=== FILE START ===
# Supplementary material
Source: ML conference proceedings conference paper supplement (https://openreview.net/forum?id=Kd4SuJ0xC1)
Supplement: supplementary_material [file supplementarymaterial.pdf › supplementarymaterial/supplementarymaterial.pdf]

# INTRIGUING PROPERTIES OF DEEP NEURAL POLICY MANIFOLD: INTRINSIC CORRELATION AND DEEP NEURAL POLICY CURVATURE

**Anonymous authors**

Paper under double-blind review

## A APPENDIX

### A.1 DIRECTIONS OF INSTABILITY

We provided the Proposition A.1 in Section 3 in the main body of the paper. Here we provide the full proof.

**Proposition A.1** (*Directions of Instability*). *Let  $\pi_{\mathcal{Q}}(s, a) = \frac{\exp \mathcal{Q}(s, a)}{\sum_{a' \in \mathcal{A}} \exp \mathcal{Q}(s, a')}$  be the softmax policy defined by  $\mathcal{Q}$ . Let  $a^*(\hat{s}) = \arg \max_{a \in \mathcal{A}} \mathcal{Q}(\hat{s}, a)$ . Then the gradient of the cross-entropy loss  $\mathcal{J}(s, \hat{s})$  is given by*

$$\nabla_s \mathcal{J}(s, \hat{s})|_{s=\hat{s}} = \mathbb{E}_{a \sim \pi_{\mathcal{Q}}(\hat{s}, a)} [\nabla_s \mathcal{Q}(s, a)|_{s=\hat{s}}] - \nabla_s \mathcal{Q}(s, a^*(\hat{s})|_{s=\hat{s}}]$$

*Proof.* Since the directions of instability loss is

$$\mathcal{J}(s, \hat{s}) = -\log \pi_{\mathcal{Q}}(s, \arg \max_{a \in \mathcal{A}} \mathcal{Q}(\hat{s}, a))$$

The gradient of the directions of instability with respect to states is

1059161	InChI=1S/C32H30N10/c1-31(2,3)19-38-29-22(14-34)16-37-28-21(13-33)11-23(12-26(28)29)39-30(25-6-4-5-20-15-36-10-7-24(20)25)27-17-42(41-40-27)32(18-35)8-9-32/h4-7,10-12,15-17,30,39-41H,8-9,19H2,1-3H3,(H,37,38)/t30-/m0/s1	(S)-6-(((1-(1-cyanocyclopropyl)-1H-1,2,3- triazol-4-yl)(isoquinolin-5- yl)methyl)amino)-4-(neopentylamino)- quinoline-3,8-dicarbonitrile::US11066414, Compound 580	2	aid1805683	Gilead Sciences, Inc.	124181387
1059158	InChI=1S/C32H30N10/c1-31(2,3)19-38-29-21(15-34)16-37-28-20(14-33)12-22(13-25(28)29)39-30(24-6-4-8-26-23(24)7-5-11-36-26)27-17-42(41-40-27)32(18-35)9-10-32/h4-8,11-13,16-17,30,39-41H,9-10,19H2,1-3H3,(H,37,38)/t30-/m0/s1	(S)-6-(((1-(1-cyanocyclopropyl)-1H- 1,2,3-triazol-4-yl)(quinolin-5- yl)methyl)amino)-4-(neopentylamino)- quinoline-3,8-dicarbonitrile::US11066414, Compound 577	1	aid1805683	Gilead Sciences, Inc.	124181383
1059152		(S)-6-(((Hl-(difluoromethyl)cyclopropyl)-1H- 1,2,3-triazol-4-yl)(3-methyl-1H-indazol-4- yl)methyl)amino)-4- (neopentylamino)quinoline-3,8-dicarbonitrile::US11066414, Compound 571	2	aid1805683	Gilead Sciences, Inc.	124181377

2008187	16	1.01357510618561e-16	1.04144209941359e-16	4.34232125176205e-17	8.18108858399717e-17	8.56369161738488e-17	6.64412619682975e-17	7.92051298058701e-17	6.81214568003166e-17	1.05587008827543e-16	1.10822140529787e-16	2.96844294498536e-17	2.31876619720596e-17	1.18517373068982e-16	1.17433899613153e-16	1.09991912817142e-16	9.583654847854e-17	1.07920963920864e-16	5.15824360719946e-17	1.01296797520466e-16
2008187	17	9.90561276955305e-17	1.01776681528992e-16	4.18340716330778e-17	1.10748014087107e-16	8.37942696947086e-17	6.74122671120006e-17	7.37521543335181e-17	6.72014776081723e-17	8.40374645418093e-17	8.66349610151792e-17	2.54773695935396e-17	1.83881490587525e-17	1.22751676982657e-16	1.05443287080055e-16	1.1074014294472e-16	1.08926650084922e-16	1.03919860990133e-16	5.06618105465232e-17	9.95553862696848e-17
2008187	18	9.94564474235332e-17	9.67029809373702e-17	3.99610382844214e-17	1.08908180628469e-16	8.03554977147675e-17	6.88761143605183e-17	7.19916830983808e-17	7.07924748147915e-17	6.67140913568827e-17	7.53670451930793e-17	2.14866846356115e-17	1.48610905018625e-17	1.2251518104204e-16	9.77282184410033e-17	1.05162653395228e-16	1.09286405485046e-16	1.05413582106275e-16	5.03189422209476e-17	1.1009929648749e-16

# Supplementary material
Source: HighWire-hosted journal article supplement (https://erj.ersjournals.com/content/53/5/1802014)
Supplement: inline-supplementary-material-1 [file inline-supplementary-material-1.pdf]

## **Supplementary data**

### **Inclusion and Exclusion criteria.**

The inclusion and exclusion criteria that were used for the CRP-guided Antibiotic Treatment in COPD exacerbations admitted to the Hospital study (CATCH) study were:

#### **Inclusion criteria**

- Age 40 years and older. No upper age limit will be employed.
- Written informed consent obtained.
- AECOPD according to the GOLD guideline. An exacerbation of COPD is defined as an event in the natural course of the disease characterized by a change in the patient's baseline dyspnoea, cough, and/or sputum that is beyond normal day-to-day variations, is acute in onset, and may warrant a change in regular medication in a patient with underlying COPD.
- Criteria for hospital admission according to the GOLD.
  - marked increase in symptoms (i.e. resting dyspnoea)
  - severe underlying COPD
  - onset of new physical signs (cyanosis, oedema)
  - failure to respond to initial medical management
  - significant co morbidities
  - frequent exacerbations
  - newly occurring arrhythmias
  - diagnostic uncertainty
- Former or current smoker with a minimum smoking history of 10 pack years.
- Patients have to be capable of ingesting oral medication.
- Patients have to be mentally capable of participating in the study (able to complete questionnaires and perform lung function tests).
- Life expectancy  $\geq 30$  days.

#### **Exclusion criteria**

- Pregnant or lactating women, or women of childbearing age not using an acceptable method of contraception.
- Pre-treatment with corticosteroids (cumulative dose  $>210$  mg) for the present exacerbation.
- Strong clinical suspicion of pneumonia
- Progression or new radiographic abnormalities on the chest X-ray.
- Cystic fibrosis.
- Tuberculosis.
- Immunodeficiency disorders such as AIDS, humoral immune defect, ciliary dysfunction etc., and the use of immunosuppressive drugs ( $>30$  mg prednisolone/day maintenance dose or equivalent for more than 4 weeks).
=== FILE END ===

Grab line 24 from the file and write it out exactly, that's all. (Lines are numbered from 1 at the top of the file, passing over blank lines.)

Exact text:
## **Supplementary data**